It’s almost beyond a cliche that New Year’s resolutions are only made to be broken. We set the firm intention to eat better or to finally dust off that treadmill, only to find that two weeks into January we’re back to our same old habits.
Why is that? Why does it seem that change-even change that will be undeniably good for us-is so difficult?
The answer lies in the interdependent relationship of our conscious and subconscious minds. So let’s look at those for a moment.
This conscious mind is our walking-around-town, everyday mind. It’s the mind that learns new things and notices the details. It’s also the mind that is rational (usually) and is the main tool we use to reason things out.
The conscious mind might say something like, “I resolve to eat healthier food starting on January 1st because I want to take better care of myself.” It’s pretty cut and dry.
On the other hand, the subconscious mind doesn’t always see things in such a rational, cause and effect way. Its mode of reasoning and interpreting reality seem, at first, to be a little more mysterious.
Our subconscious mind is like a huge, secret vault where we store all our memories, experiences, and learnings. Once we’ve learned something new-like tying our shoelaces or learning the alphabet-it goes into the “vault”. After that, we don’t have to think about the learning. It’s just there and it comes up automatically when we need it.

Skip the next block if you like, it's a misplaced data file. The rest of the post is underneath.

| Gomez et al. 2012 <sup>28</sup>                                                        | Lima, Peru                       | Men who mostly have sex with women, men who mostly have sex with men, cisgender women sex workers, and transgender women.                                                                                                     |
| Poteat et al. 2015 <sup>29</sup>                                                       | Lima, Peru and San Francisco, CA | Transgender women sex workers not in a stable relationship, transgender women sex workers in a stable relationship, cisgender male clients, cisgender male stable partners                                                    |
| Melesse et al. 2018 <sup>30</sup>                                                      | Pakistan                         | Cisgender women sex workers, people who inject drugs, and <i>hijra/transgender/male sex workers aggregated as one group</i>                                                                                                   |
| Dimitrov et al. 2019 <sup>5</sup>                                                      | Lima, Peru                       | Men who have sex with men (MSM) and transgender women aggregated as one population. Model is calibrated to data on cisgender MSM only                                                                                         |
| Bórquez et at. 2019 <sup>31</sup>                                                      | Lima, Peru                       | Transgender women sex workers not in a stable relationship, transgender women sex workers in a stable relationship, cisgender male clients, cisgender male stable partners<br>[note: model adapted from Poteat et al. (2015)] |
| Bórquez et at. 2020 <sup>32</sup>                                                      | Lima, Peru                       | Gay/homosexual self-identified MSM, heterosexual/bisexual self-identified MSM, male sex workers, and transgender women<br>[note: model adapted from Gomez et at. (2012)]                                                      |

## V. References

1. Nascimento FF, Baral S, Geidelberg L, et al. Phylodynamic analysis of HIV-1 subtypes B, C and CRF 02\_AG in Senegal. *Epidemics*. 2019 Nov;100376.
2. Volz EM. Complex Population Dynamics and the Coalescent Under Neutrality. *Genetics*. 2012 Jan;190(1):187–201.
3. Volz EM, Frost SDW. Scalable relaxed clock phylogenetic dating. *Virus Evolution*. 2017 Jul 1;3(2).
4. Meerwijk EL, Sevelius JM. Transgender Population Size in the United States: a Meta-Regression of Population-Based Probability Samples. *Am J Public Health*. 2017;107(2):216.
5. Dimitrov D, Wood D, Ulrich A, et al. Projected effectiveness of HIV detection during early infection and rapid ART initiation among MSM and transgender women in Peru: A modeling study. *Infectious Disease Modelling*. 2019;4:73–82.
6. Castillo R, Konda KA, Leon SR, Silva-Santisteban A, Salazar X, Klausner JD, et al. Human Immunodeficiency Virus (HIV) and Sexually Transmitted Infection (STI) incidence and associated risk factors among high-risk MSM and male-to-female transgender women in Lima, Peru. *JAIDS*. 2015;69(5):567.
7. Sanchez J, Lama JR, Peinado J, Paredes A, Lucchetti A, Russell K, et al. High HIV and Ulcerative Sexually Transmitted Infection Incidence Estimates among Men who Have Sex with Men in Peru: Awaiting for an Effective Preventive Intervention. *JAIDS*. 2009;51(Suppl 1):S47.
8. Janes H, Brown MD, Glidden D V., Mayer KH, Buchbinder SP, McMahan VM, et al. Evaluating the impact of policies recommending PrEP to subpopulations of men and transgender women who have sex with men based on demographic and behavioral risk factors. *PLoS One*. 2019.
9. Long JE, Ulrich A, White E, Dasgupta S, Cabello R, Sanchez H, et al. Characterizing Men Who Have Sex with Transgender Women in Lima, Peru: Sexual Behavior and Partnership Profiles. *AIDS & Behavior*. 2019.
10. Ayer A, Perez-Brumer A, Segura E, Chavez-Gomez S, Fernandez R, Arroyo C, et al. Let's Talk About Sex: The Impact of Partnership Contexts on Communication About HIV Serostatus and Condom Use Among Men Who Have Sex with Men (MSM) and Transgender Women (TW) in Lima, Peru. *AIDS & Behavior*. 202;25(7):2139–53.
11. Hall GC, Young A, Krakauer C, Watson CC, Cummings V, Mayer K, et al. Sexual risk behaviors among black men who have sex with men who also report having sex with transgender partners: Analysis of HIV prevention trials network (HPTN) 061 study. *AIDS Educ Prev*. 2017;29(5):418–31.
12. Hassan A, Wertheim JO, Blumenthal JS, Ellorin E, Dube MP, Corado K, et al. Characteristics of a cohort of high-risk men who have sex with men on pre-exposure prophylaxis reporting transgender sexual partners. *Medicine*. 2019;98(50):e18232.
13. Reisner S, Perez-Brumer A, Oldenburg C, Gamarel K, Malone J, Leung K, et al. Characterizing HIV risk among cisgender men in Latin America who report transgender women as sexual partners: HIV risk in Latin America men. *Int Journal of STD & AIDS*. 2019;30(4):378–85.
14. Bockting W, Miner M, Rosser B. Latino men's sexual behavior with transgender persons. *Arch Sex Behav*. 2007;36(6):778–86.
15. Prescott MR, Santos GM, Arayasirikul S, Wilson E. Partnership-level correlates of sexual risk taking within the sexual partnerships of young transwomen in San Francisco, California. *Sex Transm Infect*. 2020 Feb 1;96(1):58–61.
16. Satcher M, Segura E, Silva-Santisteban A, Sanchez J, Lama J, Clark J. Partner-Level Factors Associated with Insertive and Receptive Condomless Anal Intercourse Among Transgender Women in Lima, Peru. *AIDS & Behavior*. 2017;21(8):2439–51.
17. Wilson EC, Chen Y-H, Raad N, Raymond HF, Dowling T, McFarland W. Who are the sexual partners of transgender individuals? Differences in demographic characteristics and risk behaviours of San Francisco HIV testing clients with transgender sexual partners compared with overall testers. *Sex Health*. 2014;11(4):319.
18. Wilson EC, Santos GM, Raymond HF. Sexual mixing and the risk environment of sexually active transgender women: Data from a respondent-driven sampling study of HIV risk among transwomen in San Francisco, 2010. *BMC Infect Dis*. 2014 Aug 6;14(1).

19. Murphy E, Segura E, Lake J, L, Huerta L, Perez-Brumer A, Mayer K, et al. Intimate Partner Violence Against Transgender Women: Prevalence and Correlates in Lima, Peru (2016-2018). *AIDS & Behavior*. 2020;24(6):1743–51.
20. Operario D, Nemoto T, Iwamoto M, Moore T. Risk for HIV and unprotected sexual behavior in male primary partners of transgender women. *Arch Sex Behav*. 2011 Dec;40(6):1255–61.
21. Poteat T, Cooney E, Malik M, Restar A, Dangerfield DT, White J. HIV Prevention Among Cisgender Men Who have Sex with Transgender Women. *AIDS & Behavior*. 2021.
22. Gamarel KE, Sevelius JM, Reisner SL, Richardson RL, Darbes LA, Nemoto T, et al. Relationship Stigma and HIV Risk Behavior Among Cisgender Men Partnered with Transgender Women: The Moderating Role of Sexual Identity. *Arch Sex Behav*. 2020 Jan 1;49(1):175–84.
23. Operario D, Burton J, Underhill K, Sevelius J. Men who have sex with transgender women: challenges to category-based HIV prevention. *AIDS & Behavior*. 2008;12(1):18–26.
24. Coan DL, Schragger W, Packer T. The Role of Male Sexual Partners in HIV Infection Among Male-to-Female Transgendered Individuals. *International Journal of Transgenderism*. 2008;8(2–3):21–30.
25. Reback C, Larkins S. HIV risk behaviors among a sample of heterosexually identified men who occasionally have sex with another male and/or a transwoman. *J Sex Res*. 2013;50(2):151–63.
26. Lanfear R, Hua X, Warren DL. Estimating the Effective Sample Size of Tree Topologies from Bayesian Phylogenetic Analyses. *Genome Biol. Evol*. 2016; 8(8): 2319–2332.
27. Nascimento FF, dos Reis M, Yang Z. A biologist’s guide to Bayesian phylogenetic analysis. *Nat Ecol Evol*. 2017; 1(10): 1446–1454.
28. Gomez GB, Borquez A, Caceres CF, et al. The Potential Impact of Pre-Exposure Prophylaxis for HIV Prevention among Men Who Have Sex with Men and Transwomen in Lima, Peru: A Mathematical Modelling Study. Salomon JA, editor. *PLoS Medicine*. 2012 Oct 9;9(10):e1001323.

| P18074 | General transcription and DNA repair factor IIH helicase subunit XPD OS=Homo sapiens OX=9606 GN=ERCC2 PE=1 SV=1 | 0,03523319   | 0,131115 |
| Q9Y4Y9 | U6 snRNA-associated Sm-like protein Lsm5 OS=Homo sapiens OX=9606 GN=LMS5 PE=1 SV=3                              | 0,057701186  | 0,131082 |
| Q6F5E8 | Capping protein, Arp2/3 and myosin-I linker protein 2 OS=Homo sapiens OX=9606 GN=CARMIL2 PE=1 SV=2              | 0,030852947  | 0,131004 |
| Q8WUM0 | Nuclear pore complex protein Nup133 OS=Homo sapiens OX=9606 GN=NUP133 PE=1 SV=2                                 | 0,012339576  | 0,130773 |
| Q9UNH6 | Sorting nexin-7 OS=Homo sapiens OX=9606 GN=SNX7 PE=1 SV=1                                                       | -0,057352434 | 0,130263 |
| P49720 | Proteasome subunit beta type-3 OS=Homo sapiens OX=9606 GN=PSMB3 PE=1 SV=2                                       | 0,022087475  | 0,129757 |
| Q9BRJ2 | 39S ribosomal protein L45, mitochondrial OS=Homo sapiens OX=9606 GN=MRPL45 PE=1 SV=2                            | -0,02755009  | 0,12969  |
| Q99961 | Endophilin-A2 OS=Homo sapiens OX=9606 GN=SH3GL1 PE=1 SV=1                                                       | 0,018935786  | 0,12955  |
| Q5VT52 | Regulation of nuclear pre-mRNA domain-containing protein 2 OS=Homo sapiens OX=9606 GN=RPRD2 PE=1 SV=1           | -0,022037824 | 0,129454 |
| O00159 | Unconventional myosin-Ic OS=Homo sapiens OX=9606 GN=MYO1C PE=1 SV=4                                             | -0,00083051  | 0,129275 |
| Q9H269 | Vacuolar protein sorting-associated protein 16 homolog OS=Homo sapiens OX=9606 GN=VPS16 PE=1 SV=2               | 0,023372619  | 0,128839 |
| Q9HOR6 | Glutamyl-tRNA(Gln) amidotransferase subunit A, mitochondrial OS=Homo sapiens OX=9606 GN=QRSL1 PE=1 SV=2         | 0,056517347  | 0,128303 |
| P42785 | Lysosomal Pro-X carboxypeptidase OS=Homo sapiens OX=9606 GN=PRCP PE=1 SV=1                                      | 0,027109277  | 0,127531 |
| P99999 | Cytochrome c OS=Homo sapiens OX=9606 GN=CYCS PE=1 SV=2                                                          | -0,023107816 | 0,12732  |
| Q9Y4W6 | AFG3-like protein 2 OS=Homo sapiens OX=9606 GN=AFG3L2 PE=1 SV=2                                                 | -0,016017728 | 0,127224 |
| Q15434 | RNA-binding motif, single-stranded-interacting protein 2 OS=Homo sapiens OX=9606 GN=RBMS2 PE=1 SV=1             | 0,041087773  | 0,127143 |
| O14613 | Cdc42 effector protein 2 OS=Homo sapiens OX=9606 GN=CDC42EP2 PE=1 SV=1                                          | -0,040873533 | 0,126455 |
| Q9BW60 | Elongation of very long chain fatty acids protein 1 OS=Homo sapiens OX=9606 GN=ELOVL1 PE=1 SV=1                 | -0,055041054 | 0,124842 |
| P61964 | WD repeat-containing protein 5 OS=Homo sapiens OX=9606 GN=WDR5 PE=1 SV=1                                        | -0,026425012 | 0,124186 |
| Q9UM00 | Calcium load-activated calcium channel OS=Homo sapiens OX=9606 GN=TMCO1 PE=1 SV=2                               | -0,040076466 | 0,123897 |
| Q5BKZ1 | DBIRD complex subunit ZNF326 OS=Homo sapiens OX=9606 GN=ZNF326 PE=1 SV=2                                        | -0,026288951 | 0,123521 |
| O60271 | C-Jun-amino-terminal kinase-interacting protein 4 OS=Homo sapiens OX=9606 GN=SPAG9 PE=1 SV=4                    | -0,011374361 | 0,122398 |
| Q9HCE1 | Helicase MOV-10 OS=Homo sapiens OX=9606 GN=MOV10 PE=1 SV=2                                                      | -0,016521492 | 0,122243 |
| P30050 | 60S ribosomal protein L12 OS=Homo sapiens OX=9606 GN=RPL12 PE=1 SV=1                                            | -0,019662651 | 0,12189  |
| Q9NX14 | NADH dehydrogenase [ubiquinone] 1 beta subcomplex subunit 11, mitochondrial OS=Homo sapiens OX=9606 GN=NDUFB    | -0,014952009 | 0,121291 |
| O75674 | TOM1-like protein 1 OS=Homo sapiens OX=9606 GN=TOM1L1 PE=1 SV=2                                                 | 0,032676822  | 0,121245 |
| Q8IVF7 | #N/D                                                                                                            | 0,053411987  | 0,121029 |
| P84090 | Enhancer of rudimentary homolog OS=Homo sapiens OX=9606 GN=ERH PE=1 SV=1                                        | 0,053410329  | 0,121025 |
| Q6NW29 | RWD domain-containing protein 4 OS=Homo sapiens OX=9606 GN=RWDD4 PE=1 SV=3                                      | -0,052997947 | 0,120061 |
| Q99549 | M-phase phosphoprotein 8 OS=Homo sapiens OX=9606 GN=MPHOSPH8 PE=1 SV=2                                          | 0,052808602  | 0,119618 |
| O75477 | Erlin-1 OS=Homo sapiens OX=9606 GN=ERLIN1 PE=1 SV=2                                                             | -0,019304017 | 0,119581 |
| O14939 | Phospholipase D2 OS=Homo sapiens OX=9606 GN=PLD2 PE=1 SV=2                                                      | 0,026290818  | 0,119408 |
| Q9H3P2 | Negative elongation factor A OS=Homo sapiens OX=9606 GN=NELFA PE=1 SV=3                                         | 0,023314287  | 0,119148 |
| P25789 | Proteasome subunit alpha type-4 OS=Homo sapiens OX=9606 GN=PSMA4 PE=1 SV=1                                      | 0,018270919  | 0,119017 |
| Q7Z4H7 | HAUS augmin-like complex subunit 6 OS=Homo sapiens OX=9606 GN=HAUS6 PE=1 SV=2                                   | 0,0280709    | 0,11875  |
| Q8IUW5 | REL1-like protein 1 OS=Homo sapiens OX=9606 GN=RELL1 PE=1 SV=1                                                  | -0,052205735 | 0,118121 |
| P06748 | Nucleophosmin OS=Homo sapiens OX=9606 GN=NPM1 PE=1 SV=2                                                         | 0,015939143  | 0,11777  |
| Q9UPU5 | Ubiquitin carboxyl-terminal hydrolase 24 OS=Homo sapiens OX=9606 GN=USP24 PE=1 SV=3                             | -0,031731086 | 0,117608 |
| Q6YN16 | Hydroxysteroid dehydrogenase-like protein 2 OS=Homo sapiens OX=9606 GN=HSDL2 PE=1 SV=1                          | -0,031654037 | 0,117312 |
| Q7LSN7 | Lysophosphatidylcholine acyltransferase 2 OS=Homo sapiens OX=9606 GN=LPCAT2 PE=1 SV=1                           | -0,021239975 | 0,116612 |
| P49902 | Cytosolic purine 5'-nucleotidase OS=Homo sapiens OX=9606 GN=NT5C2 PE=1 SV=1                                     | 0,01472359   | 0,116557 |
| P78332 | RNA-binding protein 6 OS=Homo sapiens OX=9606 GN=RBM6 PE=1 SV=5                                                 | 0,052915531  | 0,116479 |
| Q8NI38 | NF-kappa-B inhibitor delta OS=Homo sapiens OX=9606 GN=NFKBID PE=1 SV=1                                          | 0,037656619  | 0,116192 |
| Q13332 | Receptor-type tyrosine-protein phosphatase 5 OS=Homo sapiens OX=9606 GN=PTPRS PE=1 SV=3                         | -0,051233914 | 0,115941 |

The thing is, once something goes into the “vault”, the subconscious mind doesn’t want to mess with it or change it too much.
There’s a lot of benefit in working this way. For one thing, we don’t have to relearn our language or how to tie our shoes every morning.
But what happens when the learnings are no longer useful or were just mistaken in the first place?
For example, some people learned in early childhood that when they were scared, alone, or feeling unloved, eating made them feel better. It gave them comfort and made them feel safe. It was such a successful strategy that it carried on into adulthood long after the original circumstances that called for the behavior had passed.
As a result, every time a feeling of fear or loneliness comes up the subconscious mind goes into the vault and pulls out the tried and true solution for those problems.
At this point, even if we consciously want to change that behavior, our subconscious minds will be there putting up resistance.
This is where hypnosis and hypnotherapy come in.
By entering into deep states of mind/body relaxation we are able to connect and communicate with the subconscious mind. We are able to listen to it’s reasoning (which may no longer seem so mysterious) and cultivate a sense of gratitude for it wanting to help us feel safe and loved. We can also show it that it’s strategy is no longer working and is actually not getting the result it wants through the old behavior.
Once we have its attention, we can then offer it powerful suggestions to put more positive and effective learnings into the “vault” and into everyday practice.
At the end of the process, we have turned the conscious and subconscious minds into allies, making change easy and long-lasting.